When investment banking giant Goldman Sachs announced more relaxed clothing requirements for IT employees in 2017, and later rolled this out for all employees two years later, it was one of many finance companies moving in this direction.

The modernisation of the tax department is largely to thank, not only for blurring the lines between tech and tax, but also for facilitating new ways of working, and new workplace models, most notably remote and hybrid work.

The finance sector – like most sectors – saw a major uptick in remote work following the onset of the pandemic, and for the majority of workers, this desire to work from home has not dissipated. It is why we are likely to see more big finance corporations follow in the footsteps of HSBC Bank, which recently announced the planned closure of its 45-storey office building in Canary Wharf, and subsequent downsizing.

Still a man’s world

The picture painted in this article so far is largely positive for the industry. Recruiting for the next addition to your tax team should be far more focused on the skills, digital literacy, and level of innovation they can bring to the company – not just what they look like.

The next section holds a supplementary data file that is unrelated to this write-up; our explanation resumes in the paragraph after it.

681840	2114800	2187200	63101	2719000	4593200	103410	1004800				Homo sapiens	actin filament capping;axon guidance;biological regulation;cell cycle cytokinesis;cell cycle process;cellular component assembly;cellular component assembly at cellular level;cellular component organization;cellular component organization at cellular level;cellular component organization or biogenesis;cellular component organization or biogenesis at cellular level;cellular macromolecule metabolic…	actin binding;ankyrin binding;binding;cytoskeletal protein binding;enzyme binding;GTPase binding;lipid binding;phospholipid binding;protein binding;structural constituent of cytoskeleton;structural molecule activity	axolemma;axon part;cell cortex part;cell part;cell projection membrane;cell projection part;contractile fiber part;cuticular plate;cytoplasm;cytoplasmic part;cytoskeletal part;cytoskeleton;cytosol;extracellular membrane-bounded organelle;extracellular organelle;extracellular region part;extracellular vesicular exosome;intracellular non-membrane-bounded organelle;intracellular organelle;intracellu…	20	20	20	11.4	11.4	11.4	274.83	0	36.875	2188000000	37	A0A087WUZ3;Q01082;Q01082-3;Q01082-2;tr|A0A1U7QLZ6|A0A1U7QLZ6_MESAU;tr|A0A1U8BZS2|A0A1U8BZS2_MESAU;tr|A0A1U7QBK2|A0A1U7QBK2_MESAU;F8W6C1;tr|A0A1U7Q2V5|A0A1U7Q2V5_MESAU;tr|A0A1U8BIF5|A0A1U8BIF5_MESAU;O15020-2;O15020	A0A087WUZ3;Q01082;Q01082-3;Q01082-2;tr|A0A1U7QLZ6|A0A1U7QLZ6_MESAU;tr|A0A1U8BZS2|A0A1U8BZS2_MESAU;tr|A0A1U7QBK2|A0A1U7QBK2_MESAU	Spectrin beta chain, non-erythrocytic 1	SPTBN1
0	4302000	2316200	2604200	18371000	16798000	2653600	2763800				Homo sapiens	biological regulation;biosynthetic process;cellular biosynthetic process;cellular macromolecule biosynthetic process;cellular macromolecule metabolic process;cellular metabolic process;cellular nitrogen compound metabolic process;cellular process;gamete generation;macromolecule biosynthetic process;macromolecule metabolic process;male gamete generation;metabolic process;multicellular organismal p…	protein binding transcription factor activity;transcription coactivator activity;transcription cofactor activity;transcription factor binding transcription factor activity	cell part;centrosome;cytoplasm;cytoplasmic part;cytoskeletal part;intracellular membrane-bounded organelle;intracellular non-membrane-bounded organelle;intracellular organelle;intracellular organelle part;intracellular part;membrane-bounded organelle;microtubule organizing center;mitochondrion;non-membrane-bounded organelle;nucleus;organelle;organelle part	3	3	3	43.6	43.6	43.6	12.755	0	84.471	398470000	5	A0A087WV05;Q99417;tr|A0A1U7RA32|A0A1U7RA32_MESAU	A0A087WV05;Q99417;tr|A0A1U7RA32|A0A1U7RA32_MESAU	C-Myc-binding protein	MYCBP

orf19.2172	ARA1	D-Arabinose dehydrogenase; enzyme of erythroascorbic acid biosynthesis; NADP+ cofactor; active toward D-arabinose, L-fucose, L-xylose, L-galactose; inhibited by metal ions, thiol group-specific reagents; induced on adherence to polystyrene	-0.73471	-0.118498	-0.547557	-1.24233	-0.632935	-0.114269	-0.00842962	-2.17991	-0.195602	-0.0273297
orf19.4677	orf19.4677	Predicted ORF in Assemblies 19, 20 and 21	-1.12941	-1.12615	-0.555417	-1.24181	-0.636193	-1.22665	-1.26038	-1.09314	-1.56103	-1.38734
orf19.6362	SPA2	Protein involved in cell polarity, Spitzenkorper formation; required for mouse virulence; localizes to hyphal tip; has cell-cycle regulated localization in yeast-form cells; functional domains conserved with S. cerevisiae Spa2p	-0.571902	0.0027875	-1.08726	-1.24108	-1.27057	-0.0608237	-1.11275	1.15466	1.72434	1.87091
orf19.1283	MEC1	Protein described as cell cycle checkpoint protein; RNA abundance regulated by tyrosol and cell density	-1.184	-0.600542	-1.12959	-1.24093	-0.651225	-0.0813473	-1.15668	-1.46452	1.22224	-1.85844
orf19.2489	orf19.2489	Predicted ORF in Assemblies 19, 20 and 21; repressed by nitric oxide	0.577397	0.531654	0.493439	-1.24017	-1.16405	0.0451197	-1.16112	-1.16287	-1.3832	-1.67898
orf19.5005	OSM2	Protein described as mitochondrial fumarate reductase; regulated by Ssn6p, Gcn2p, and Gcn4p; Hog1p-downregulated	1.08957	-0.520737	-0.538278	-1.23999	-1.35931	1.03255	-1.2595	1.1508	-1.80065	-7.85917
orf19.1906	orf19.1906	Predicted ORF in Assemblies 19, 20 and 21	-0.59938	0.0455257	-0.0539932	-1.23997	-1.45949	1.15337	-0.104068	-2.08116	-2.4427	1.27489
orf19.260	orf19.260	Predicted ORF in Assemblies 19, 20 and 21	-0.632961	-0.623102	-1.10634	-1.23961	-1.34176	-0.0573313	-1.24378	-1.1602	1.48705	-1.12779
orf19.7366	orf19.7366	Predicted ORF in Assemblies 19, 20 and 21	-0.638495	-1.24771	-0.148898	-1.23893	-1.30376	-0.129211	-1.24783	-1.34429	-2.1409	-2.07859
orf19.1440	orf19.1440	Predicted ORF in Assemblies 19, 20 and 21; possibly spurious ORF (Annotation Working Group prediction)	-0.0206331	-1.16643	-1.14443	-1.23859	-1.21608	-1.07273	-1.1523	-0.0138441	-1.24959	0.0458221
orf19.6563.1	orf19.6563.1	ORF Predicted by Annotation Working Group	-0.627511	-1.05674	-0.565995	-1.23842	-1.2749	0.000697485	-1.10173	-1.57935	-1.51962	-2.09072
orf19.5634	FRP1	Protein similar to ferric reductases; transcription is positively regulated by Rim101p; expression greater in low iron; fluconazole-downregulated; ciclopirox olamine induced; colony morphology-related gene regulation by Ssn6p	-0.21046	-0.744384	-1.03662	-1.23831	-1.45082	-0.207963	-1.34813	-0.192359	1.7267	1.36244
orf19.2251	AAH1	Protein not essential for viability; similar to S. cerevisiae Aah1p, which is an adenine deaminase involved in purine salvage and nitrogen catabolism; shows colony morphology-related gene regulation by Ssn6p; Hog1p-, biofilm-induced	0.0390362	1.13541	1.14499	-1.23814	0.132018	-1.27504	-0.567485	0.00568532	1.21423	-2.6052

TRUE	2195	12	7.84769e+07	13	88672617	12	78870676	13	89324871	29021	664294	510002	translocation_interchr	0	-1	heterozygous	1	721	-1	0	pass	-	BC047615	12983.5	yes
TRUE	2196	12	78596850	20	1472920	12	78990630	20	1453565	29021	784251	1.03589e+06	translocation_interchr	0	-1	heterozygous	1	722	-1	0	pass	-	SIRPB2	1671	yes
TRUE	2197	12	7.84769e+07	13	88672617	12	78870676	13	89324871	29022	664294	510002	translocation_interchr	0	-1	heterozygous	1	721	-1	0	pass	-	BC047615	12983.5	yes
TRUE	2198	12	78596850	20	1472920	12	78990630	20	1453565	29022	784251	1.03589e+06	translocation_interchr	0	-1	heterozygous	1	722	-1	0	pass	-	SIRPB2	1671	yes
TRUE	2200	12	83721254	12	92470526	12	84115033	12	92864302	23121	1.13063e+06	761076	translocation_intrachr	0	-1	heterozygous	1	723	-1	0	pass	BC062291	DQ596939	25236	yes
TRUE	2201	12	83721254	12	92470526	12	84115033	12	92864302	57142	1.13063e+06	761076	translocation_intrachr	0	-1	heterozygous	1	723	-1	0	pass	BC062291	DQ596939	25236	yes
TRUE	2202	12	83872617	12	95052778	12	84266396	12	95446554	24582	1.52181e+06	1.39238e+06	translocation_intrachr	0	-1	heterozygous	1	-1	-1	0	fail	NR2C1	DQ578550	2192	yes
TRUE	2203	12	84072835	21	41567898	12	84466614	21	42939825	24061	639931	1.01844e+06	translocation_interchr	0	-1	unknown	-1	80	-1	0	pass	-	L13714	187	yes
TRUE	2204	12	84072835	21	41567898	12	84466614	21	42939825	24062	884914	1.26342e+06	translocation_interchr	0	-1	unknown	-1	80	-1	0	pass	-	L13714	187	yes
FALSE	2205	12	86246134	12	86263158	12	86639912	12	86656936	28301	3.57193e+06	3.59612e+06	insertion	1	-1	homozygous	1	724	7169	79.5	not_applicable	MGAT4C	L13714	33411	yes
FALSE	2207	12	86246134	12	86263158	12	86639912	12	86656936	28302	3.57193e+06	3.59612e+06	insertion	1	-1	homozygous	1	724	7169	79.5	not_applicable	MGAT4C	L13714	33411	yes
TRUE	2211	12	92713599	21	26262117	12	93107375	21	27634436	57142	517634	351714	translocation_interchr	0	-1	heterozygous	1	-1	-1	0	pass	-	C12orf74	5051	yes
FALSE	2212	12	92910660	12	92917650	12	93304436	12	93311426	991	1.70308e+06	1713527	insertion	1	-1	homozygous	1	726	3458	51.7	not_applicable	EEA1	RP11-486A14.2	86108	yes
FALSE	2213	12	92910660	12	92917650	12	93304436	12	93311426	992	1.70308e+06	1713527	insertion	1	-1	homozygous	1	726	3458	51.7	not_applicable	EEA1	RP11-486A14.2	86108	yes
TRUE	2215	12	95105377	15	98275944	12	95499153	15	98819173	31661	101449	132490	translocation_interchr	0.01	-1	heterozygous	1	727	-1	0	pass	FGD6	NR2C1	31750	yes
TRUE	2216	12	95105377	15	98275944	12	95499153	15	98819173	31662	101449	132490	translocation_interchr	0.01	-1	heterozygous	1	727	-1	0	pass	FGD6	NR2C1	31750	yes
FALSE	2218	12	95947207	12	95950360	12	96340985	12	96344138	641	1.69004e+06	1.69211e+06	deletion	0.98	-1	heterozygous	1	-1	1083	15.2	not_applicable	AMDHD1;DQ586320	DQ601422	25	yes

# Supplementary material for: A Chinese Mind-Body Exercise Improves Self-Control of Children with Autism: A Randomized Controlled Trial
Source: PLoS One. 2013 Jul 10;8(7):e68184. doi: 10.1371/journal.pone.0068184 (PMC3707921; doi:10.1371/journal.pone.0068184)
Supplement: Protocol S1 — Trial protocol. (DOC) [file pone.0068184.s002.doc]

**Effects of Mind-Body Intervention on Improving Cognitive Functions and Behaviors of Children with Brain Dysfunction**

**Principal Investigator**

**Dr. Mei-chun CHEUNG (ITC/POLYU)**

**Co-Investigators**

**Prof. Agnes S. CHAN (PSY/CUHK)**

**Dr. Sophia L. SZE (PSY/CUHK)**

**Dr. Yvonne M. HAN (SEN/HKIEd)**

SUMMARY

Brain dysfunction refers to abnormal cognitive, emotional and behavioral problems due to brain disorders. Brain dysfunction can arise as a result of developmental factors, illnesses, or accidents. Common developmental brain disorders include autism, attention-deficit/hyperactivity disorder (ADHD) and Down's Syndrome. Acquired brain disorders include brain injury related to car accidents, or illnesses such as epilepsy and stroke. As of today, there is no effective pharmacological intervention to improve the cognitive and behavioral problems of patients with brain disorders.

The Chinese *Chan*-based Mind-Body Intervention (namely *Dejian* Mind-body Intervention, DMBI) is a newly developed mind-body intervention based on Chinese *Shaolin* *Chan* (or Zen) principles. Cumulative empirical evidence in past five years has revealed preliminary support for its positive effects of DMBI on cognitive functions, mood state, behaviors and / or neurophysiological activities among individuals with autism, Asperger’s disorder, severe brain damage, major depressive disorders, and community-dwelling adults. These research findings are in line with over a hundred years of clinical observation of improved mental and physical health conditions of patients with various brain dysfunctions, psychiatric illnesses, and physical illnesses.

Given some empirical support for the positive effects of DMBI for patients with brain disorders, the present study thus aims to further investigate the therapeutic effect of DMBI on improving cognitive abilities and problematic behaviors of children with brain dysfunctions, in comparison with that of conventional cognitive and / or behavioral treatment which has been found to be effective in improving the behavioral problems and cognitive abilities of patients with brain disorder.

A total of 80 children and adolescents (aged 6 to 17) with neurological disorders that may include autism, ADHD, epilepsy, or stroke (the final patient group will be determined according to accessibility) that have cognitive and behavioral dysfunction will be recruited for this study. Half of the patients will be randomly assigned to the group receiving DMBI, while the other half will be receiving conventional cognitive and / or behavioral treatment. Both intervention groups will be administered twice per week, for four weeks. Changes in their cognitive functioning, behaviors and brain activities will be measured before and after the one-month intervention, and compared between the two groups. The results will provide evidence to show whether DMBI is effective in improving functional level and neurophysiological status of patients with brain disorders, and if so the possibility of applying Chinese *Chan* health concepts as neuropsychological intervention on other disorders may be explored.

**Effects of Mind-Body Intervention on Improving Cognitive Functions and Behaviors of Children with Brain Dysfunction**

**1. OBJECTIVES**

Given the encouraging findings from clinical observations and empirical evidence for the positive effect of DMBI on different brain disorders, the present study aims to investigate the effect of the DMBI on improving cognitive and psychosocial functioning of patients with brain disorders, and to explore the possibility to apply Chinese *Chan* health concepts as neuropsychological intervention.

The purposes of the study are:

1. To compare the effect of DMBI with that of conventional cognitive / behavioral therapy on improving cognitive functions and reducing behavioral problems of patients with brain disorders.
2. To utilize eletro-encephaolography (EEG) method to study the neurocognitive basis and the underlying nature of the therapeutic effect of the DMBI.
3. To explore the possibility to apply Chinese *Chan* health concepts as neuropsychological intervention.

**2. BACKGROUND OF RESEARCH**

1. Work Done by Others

In an ideal world, this would mean a widening of the talent pool and more candidates from different walks of live thriving within the modern tax department. However, while the stereotypical image of a person working in tax may have begun unravelling in recent years, for the most part, this image is still predominantly male.

If we look at the UK financial and insurance sector’s gender breakdown for 2022, for example, 570,000 full-time employees were male, compared with only 378,000 women. Alarmingly, the issue seems to have worsened in recent years, with new figures even highlighting how there were 200,000 more women working in UK finance in 1997 than there were in 2022.